Dr. Kevin Smith, Dean of the Centre for Business, Arts and Sciences, says: “We are extremely proud of Shayne’s success and the fact that it all started at Lethbridge College. His experience shows that a career path doesn’t necessarily progress rapidly or indeed linearly, and that it is no impediment to start your academic journey with upgrading or academic skills courses.”

Blackwater, Hilgersom, Smith and Dahl all say that the college is an ideal place for students from all backgrounds – even those who weren’t especially successful in high school – to start on the path to a lifetime of learning. Students who have had near misses or failures, they say, and students who aren’t sure what path to take are all welcome here.

“You can have someone come in who doesn’t think they’re a scholar,” says Hilgersom. “But college is a process of self discovery and if you allow yourself the freedom to experiment, you’ll find out who you are. You can take the first step here – and like Shayne, you can go anywhere.”

“The Banting Postdoctoral Fellowship will mark my long-awaited return to Lethbridge,” says Dahl. “From student to scholar, I feel I have come full circle.”

{ SHAYNE DAHL }

 

Dahl expects to continue drawing on the lessons he learned at Lethbridge College as he begins the first of his two prestigious post-doctoral fellowships this fall.

LIBERAL ARTS AT LETHBRIDGE COLLEGE

Students who start their university degree at Lethbridge College can benefit from small class sizes, instructors who know their names, and a supportive and personalized environment. In addition, about 95 per cent of General Arts and Sciences courses transfer to colleges and universities across Canada and around the world. And with flexible course selections, flexible delivery methods and personal timetables, it’s easy to create an education that works at the time, place and pace that is best for students.

Marda Schindeler, Associate Dean of the Centre for Business, Arts and Sciences, notes that for many students, a general studies diploma – now called a General Arts and Sciences diploma – can serve as a stepping stone to further post-secondary education. “By offering a broad and diverse curriculum of courses,” she explains, “students get the opportunity to explore their interests while developing their foundational skills and core competencies, preparing them to be ready for whatever happens next.”

Some General Arts and Sciences courses offered in the year ahead include Blackfoot Language, Canadian History, Archaeology of Ancient Civilizations, Microbiology, Human Physiology, and more.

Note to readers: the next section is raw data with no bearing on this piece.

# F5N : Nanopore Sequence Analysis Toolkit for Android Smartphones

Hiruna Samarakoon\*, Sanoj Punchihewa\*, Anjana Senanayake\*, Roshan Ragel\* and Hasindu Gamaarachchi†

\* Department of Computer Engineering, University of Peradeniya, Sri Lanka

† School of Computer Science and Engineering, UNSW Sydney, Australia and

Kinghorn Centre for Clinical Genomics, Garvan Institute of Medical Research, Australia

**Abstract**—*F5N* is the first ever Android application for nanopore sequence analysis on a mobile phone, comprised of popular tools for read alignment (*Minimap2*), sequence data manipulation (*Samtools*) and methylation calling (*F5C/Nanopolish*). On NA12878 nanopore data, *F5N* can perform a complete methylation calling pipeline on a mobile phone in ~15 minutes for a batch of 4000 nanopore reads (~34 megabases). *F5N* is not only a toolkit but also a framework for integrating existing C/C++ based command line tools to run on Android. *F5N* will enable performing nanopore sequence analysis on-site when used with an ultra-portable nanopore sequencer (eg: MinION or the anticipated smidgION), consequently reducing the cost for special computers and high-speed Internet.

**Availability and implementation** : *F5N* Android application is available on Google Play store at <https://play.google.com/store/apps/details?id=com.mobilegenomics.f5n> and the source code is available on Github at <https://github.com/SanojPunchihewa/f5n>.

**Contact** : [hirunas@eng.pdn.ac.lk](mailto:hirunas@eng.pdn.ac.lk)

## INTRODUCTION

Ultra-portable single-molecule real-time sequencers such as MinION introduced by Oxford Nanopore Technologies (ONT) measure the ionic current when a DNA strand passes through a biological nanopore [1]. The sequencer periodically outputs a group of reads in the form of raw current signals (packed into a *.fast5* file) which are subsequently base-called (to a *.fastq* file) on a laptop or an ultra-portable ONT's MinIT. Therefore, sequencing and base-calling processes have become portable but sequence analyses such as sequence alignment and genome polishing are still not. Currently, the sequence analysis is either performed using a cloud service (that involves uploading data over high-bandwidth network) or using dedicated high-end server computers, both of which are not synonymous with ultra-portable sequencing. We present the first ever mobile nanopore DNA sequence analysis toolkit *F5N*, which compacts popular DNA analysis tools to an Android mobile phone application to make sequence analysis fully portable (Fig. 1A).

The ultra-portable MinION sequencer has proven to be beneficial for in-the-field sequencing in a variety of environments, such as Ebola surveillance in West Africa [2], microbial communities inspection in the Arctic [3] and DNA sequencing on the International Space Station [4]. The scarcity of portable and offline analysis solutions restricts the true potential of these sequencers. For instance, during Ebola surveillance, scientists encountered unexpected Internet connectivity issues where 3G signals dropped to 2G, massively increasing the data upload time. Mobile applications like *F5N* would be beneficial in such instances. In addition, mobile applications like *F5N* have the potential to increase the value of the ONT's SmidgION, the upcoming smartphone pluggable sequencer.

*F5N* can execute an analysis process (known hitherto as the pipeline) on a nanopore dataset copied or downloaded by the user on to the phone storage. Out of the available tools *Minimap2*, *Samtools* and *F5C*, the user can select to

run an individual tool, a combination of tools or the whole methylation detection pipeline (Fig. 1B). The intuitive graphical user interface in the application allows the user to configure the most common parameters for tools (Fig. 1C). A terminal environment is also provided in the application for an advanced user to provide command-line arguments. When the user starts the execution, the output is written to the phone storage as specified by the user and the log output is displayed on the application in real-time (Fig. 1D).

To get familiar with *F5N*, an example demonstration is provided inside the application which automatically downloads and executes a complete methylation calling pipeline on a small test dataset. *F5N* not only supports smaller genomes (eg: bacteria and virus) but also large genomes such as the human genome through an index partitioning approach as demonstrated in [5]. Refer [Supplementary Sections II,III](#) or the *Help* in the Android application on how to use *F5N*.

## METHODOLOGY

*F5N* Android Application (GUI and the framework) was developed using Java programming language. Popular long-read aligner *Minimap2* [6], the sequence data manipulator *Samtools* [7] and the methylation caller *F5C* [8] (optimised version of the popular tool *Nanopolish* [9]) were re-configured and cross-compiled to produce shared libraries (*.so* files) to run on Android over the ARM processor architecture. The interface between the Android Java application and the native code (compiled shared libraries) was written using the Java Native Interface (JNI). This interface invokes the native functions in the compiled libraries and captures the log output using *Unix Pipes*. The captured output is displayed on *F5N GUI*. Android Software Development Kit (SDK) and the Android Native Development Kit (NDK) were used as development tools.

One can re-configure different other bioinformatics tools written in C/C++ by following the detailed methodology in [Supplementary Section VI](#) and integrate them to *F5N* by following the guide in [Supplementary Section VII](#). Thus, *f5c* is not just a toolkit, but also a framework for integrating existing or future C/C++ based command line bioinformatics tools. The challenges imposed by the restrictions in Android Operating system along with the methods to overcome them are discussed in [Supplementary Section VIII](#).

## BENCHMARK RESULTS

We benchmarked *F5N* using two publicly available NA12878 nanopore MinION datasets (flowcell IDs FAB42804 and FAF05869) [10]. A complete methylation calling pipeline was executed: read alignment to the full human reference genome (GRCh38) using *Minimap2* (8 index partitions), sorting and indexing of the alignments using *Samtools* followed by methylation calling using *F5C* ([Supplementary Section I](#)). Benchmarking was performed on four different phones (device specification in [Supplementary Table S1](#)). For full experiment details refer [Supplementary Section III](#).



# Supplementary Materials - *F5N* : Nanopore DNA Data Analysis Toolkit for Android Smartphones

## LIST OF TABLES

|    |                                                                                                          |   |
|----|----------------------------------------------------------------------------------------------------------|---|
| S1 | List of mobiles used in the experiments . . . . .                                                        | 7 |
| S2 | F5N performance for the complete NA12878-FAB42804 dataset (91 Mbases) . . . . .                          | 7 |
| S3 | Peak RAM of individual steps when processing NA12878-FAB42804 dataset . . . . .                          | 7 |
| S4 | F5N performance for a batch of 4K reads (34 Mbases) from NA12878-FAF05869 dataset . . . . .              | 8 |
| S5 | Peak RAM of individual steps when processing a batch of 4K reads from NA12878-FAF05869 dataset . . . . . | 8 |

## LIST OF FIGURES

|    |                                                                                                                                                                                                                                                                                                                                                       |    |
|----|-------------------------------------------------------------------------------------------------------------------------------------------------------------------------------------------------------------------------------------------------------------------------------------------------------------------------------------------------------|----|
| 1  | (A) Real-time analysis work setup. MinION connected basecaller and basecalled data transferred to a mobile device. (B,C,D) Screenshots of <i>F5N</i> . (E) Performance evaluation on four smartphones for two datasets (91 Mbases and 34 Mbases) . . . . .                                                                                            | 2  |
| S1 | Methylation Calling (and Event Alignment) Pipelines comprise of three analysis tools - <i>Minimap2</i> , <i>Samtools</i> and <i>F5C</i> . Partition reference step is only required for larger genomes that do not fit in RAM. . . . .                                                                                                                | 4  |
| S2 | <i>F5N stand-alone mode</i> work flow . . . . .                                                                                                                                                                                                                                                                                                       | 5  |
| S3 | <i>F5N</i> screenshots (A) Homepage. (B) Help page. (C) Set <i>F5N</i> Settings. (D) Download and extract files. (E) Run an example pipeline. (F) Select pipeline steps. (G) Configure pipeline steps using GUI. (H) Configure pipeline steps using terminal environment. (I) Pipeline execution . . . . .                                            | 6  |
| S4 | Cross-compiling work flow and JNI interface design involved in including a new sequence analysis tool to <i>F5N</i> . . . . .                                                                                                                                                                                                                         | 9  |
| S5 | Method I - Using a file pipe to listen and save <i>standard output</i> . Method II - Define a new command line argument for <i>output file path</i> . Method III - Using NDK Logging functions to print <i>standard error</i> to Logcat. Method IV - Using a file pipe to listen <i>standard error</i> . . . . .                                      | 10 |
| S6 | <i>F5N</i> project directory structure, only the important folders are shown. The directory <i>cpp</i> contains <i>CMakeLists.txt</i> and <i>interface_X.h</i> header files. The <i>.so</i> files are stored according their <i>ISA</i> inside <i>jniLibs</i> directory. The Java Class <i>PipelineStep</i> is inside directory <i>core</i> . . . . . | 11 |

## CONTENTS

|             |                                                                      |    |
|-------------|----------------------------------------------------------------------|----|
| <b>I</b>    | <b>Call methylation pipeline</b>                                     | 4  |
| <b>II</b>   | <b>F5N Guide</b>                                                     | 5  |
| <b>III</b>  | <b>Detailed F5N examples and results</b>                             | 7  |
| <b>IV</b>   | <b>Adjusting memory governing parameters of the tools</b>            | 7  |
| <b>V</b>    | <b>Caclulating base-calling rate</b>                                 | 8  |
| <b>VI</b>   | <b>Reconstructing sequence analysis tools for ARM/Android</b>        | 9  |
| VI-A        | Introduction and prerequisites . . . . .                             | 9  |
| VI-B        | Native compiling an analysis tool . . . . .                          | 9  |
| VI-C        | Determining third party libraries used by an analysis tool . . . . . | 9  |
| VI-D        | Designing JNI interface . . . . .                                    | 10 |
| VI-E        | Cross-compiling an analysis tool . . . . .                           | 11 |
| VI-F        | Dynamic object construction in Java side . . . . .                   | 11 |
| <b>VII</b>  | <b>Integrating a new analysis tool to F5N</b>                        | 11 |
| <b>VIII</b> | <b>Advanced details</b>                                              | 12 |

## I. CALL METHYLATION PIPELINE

To learn more, go to lethbridgecollege.ca/gs; email generalstudies@lethbridgecollege.ca; or call 403-394-7338.

 

Dahl says that the college is an ideal place for students from all backgrounds – even those like him who weren’t especially successful in high school – to start on the path to a lifetime of learning.

DID YOU KNOW?

Shayne Dahl isn’t the only Lethbridge College grad who started on the path to an advanced degree at Lethbridge College.

  • Nadine Dalheim (Correctional Studies 2012) is the Fort McKay First Nations Manager of Addictions and Mental Health. She earned a PhD in child and adolescent development psychology.
  • Kelly Damphousse (Law Enforcement 1982, Distinguished Alumni 1992) has been the Chancellor of Arkansas State University since 2017. He earned a PhD in sociology.
  • Sandra Davidson (Nursing diploma 1994, Career Virtuoso 2019) has been the University of Calgary’s Dean of the Faculty of Nursing since August 2018. She earned a PhD in Leadership Studies.
  • Stephen Graham (Computer Information Systems 1992) is an instructor in the college’s Computer Information Technology program. He earned a PhD in artificial intelligence.
  • Karla Guyn (Environmental Sciences 1986, Distinguished Alumni 2006) is the CEO for Ducks Unlimited Canada. She earned a PhD in biology.
  • Kristen Haase (Bachelor of Nursing 2005) is an assistant professor in Nursing at the University of Saskatchewan. She earned a PhD in nursing.
  • Deborah Hadley (Multimedia Production 1998) is chair of Media and Information Technology at the college. She earned a PhD in higher education.
  • Betty Lew (Community Services and Therapeutic Recreation 1997) is an acupuncturist and Traditional Chinese Medicine Doctor. She earned a Doctor of Traditional Chinese Medicine degree.
  • Jan Semmelroggen (Agricultural Technology 2002) is the owner and managing director of Plato Enterprises Ltd. He earned a PhD in geography.
  • Laura Vogelsang (NESA 2011) had served in a leadership role in the Nursing program at the college before taking on a tenure track teaching position at the University of Lethbridge this summer. She earned her PhD in nursing education.
Wider Horizons
Story by Lisa Kozleski | Photos by Rob Olson